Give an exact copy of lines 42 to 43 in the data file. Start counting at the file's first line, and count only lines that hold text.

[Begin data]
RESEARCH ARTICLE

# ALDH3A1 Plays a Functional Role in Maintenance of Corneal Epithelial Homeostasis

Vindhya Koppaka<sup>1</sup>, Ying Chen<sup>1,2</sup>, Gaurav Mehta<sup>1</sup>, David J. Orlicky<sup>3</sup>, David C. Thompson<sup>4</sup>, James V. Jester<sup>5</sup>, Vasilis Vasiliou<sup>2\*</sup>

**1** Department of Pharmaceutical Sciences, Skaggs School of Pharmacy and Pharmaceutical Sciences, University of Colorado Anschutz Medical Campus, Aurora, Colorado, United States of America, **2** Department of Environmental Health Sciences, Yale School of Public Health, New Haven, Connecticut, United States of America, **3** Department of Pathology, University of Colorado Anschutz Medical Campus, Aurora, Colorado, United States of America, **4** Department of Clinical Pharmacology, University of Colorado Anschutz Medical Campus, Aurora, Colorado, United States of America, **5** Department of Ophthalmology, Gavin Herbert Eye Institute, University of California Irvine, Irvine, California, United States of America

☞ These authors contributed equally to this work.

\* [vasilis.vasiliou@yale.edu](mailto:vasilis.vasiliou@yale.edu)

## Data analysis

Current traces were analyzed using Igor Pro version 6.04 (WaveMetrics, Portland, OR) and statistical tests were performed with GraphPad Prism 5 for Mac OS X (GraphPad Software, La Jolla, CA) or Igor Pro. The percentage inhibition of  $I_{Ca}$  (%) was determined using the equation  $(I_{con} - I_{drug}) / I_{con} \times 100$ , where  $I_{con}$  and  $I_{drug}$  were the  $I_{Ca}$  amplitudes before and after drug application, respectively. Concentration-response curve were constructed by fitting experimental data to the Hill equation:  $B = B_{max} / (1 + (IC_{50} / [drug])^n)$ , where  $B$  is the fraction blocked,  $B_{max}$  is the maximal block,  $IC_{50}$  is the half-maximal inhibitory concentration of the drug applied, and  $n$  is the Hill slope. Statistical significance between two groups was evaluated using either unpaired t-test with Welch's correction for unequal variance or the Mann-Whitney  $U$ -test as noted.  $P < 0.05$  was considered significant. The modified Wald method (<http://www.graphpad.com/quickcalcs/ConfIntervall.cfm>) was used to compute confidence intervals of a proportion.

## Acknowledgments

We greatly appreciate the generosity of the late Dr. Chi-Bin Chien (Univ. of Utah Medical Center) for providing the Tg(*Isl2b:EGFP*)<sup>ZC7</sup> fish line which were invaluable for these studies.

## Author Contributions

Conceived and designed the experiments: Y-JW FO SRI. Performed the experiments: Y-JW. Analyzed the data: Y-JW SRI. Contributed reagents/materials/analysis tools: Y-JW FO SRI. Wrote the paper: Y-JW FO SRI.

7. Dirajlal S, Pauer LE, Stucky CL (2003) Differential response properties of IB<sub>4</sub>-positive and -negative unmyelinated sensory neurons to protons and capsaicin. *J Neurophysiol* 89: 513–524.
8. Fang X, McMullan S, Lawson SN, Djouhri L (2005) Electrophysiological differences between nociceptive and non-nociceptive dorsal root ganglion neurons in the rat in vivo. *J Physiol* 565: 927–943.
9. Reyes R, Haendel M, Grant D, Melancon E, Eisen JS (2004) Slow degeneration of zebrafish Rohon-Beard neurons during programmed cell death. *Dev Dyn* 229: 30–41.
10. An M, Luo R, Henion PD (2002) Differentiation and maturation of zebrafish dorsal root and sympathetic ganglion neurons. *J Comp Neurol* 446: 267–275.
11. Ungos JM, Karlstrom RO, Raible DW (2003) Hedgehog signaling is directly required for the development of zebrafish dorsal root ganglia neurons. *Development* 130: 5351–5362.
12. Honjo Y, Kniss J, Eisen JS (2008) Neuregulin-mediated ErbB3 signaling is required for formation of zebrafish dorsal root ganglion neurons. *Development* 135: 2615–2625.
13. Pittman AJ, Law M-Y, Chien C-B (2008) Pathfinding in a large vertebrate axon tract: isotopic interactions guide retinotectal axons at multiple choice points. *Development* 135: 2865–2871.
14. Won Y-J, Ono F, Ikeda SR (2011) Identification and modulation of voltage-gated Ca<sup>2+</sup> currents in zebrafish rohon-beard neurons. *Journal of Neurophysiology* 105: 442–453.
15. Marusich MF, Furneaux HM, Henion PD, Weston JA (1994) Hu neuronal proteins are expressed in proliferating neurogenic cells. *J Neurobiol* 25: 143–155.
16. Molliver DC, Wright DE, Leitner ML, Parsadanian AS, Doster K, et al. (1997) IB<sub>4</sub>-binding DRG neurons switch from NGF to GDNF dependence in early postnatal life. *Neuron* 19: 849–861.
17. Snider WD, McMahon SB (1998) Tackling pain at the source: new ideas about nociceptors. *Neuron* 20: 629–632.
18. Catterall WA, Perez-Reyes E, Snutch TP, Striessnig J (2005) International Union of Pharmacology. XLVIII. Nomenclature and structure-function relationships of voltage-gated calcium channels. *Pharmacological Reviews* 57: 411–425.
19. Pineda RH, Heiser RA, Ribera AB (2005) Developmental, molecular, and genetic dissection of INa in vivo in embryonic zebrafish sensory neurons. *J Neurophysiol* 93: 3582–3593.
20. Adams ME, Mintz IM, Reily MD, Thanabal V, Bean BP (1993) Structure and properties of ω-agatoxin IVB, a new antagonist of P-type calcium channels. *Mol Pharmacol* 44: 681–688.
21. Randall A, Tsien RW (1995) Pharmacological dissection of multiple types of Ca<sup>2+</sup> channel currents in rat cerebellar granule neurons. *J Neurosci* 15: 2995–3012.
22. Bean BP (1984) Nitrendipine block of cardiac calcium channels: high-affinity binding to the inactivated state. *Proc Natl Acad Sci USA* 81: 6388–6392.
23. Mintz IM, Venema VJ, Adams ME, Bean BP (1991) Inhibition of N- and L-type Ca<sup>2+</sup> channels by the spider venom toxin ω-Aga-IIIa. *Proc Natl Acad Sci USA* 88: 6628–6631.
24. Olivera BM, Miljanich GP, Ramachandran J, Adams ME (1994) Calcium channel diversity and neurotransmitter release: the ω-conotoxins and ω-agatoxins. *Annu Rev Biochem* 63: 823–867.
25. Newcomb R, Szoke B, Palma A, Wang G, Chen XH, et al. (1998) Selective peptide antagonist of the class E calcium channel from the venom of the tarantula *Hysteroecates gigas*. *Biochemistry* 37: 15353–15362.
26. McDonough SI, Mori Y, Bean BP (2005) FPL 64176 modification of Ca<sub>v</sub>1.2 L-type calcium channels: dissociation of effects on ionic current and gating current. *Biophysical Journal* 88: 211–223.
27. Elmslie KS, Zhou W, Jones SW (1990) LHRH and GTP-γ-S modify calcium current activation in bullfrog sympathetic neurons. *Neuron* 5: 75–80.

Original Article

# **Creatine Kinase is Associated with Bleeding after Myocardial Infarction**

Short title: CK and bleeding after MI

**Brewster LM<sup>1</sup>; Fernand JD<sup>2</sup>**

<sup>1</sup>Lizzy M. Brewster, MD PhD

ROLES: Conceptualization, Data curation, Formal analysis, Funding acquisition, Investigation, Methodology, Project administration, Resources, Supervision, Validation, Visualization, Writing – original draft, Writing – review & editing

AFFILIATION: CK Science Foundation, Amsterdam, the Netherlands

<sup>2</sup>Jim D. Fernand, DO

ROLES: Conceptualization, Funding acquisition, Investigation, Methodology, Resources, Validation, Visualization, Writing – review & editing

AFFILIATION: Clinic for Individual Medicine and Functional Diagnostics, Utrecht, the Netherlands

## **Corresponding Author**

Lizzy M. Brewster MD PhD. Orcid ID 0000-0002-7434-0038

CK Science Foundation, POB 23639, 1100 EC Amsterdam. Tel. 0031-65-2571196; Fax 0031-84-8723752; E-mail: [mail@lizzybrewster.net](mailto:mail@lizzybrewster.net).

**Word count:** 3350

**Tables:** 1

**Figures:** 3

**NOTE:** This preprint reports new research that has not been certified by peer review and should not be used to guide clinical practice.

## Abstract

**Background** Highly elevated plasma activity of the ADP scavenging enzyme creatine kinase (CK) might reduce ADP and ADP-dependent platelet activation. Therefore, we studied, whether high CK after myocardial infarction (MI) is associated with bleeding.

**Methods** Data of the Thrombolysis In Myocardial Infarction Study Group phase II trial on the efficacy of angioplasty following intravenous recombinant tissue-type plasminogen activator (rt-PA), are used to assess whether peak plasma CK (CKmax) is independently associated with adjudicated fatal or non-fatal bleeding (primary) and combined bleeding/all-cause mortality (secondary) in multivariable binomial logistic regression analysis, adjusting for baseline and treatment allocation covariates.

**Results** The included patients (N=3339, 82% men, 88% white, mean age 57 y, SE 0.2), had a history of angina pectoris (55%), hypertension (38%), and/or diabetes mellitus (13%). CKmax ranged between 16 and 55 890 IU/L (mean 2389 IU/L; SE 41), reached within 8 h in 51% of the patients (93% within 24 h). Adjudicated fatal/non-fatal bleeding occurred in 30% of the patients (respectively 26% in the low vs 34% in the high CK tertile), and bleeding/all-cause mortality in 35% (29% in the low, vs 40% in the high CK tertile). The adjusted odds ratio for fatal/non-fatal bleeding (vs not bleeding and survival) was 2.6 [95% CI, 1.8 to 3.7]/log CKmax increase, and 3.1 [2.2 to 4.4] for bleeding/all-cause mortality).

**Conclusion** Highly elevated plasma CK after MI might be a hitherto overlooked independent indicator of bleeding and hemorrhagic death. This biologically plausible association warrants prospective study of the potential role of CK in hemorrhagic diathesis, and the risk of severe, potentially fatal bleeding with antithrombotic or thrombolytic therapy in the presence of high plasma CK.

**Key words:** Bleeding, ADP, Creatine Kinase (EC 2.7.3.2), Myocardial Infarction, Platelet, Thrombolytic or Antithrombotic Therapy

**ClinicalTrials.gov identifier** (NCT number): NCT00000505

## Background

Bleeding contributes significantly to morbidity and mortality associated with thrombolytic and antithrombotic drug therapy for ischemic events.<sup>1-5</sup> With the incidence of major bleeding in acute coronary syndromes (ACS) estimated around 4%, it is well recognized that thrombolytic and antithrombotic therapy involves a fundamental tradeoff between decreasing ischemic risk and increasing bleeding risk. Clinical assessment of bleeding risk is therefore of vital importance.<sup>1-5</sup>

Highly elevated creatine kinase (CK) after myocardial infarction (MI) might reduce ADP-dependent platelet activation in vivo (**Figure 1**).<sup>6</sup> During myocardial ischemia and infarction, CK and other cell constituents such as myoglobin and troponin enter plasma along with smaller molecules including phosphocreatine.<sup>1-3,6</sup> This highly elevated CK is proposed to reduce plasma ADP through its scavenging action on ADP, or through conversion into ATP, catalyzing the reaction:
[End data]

ROLES: Conceptualization, Funding acquisition, Investigation, Methodology, Resources, Validation, Visualization, Writing – review & editing

AFFILIATION: Clinic for Individual Medicine and Functional Diagnostics, Utrecht, the Netherlands